Last week I finished the project I had been working on—redoing the de Grummond correspondence files. I feel extremely accomplished having finished such a huge task. Hours of work went into changing out the folders, making corrections to files, and sorting through the drawers upon drawers of letters, cards, and inventories. While it was at times tedious, it was very valuable to the collection. There were countless numbers of files that were incorrectly labeled, referred to files that didn’t exist, or contained items more properly filed elsewhere. I also got to see some fascinating files from some of my favorite authors or others that are very famous. Working in the de Grummond collection is a lot like working behind the scenes on a movie or at a television show: you get to see personal correspondence with celebrities that most people never get to see. It makes you feel special and privileged. The two best from this past week were John Green, who has written several young adult novels (my favorite is An Abundance of Katherines) and J.R.R. Tolkien. Tolkien wrote Dr. de Grummond a letter but forgot to sign it and then sent another with his signature apologizing for the first. I’ve never actually seen a Tolkien signature in person before and it was really exciting.
The office has been getting ready for a big event this coming week—the Ezra Jack Keats Awards in conjunction with the Children’s Book Festival. A few weeks ago I helped put together the invitations for a party celebrating the award winners which will take place this coming Thursday evening at the Hattiesburg train depot. Last week we printed up several fliers for the event which will be put inside the bags for the festival attendees, since all CBF participants are also invited to the party. I’m looking forward to the party since it’s something we have been anticipating for weeks.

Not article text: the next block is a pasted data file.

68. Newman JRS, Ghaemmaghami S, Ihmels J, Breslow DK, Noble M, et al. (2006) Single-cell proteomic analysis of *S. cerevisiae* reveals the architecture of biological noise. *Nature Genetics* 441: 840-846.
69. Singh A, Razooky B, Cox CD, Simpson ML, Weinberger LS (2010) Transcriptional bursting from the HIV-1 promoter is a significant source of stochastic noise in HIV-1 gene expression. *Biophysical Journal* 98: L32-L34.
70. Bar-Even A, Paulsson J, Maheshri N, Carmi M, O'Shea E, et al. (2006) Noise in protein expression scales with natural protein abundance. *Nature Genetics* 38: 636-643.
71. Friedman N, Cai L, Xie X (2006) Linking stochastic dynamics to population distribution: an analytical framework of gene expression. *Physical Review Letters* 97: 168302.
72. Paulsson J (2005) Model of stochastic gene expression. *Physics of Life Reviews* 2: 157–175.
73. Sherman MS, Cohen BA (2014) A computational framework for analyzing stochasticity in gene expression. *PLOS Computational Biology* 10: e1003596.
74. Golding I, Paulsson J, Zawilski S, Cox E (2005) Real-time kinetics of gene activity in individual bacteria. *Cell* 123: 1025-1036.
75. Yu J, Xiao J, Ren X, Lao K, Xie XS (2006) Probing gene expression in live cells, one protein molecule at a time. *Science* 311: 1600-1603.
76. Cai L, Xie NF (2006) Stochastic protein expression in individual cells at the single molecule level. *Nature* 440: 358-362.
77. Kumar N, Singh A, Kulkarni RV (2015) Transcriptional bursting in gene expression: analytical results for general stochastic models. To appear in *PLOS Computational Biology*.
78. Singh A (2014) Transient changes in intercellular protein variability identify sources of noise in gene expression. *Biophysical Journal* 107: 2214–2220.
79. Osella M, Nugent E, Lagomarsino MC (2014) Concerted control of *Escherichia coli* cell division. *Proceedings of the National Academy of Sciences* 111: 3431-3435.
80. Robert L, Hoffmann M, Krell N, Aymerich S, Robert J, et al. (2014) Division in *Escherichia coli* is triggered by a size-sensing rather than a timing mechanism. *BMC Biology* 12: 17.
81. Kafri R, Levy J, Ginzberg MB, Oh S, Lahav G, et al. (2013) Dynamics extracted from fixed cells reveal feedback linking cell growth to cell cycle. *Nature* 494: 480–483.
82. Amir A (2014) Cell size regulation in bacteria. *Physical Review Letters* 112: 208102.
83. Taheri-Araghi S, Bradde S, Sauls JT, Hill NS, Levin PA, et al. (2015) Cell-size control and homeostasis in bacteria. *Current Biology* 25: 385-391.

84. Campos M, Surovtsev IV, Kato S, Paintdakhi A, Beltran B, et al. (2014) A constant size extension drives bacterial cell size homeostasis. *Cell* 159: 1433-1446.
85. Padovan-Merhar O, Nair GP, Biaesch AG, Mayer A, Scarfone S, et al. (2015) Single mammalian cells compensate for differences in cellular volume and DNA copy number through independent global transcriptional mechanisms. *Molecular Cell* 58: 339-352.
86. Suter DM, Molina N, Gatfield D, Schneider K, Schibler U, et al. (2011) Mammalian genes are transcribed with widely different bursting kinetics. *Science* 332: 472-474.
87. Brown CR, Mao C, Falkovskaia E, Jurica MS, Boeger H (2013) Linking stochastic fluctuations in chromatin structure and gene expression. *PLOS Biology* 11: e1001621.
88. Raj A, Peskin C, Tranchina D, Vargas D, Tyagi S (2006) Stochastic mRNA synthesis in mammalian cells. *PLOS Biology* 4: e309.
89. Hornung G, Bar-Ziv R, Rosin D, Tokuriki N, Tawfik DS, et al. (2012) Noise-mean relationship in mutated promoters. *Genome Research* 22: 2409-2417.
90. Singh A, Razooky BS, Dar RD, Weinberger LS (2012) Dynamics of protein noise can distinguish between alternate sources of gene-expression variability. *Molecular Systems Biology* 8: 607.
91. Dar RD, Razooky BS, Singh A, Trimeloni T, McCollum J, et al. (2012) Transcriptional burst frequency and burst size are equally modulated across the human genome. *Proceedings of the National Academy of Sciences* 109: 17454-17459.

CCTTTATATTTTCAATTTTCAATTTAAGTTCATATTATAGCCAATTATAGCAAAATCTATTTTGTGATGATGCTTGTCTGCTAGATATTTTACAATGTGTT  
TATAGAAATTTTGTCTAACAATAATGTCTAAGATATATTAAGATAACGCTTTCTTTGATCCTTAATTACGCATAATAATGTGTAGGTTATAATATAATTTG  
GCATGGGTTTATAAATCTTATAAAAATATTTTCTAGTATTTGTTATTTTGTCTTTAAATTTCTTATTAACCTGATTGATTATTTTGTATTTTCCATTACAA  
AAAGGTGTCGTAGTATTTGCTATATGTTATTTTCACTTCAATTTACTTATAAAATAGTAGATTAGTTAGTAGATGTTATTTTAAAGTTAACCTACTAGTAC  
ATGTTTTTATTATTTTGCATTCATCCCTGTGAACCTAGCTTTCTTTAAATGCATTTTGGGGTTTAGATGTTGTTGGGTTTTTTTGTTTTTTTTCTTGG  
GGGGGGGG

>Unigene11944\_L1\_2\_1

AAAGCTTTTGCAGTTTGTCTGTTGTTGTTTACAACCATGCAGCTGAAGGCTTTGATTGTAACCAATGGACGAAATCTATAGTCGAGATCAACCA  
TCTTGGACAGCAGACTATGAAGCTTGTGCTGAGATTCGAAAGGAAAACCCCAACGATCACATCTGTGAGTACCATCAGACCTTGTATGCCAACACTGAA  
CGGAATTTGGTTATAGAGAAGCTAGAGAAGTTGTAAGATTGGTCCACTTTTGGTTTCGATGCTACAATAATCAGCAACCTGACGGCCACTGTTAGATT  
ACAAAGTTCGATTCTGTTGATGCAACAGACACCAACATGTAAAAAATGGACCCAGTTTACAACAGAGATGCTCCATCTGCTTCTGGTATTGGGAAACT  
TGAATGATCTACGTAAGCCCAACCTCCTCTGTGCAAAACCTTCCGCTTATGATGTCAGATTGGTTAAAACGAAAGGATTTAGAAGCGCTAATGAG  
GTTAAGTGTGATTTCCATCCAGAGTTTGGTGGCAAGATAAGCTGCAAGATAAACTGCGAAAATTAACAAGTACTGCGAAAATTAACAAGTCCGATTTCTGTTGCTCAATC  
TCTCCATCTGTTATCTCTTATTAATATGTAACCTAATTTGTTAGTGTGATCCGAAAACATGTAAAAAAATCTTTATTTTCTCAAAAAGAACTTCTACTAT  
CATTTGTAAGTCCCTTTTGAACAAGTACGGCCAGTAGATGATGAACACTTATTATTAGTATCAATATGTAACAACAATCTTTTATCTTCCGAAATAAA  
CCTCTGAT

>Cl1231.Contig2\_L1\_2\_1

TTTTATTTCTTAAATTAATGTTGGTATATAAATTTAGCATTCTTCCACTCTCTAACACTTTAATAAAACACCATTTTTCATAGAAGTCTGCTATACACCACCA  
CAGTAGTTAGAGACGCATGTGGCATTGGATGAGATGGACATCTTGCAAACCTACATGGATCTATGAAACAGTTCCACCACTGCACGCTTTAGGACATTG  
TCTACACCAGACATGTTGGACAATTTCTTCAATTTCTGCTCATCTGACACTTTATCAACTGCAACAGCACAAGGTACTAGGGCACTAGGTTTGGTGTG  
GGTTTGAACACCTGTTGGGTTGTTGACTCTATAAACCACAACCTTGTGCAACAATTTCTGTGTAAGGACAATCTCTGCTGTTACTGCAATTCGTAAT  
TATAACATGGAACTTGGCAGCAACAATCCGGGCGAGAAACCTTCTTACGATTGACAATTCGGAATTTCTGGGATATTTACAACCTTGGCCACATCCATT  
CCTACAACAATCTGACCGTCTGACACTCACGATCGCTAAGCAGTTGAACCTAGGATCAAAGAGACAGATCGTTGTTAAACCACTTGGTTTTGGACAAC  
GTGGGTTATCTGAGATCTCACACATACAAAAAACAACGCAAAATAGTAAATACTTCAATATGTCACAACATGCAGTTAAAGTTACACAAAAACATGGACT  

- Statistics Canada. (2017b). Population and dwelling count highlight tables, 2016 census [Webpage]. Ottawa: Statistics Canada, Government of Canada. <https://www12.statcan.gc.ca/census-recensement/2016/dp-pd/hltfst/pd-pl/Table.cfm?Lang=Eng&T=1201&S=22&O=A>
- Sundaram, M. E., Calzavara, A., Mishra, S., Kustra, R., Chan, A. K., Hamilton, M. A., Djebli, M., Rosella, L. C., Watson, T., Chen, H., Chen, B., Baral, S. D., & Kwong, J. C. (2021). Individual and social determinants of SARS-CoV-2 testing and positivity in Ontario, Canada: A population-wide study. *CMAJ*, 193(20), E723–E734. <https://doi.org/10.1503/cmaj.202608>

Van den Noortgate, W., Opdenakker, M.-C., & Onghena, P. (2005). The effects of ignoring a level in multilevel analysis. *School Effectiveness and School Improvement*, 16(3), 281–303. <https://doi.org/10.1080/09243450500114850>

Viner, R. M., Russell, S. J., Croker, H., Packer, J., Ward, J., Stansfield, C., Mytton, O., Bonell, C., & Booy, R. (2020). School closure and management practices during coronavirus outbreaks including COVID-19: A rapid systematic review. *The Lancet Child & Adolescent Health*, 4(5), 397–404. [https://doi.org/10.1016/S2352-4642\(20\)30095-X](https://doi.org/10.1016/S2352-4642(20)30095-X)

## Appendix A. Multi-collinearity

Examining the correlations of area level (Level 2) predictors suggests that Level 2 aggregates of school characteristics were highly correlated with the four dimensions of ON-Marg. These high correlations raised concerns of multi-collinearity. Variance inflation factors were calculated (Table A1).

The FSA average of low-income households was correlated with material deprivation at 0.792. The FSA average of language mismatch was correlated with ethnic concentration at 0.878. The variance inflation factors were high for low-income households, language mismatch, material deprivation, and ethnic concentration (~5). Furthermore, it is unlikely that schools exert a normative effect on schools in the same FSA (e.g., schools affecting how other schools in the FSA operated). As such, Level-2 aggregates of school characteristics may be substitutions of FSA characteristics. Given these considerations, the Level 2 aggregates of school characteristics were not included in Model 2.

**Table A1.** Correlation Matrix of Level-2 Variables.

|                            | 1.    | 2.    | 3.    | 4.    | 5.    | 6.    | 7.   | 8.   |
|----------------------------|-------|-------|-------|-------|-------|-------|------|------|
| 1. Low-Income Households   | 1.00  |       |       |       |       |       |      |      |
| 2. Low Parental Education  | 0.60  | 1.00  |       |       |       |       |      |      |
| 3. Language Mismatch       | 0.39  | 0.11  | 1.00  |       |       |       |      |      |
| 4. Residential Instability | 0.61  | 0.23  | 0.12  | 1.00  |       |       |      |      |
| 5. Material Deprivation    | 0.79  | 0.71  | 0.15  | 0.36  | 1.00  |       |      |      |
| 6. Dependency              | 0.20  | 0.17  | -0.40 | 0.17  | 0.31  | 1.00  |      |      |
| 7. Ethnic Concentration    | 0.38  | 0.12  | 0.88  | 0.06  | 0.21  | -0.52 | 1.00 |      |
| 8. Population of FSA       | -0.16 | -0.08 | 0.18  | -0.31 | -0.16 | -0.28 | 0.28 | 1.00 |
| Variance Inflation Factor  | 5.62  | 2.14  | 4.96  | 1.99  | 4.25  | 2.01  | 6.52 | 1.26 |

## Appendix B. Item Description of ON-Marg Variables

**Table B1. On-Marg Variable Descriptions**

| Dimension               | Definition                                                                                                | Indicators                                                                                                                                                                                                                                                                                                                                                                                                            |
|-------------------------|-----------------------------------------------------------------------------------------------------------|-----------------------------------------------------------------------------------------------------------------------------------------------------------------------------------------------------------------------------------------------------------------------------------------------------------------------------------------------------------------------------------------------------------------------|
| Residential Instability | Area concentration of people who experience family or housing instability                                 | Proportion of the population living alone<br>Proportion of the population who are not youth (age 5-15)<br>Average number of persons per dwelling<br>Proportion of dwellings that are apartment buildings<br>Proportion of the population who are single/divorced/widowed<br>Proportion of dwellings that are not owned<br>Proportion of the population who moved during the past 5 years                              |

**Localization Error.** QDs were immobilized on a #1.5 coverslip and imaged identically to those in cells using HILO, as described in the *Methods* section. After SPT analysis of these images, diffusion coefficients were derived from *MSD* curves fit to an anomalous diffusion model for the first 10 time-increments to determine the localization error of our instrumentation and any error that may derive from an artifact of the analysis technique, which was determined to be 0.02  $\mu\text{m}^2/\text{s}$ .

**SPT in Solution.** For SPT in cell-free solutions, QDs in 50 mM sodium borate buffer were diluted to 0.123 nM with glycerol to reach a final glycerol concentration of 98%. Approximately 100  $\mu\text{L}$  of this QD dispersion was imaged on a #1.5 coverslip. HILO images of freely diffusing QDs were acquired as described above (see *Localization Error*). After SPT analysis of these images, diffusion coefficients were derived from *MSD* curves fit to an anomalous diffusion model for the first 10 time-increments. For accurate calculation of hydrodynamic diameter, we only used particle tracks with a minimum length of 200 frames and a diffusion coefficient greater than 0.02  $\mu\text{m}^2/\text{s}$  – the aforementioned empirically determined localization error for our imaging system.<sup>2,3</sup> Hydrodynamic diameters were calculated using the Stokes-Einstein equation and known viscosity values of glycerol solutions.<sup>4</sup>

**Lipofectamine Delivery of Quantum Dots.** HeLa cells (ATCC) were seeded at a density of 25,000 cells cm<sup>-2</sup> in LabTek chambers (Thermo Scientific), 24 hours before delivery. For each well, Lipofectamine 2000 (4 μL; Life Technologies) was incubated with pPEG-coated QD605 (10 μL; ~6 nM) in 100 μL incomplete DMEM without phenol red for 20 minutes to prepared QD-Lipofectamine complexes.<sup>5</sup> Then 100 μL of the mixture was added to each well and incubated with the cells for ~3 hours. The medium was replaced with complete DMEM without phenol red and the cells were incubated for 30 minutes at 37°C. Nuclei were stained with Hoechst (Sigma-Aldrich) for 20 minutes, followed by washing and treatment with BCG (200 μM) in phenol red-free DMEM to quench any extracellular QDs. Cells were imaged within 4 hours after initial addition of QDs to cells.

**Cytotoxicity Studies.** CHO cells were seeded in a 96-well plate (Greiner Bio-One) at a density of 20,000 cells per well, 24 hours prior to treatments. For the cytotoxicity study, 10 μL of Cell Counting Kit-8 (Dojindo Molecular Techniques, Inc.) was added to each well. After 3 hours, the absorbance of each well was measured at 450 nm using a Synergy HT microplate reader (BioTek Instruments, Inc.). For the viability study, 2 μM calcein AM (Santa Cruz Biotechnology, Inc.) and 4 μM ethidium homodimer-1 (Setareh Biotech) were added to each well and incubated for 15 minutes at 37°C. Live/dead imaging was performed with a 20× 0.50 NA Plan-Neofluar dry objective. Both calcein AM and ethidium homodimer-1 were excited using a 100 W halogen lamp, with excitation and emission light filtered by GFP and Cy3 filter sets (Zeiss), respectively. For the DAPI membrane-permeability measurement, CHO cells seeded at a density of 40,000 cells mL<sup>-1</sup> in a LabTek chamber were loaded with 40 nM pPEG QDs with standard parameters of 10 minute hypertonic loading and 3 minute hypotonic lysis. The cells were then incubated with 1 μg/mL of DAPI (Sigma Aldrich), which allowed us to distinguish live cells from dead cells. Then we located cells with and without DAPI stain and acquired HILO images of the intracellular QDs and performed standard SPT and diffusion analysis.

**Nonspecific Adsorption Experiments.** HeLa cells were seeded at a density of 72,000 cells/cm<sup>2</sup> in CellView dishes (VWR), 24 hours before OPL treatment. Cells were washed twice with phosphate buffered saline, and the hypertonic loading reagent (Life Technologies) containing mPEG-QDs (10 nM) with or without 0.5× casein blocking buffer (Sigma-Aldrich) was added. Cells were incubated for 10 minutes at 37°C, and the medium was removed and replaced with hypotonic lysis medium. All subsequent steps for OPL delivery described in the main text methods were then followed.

I also worked in the manuscripts of the Margret and H.A. Rey collection (the authors of the Curious George books). Because the exhibit room has been remodeled and parts of the collection are touring on exhibit through the Jewish Museum of New York, several of the framed pieces are out of proper location. It’s like a puzzle or being a detective trying to put everything back where it belongs and figuring out which piece is which. I’ve noticed that the descriptions for pieces are not always the best and thus it is sometimes difficult to know to which piece the finding aid is referring. I found one piece that wasn’t labeled at all; the catalog listed it as two separate pieces with the same number, neither of which actually described it. We’re still not sure where it belongs. Another piece I only determined proper location for with the aid of the online finding aid. I know that it is really difficult to make sure descriptions match the pieces accurately—for one thing what you may find the salient features when describing it, may not match your thoughts about it later or someone else’s—so I definitely know to be conscientious about this when I go to do it in my work after school.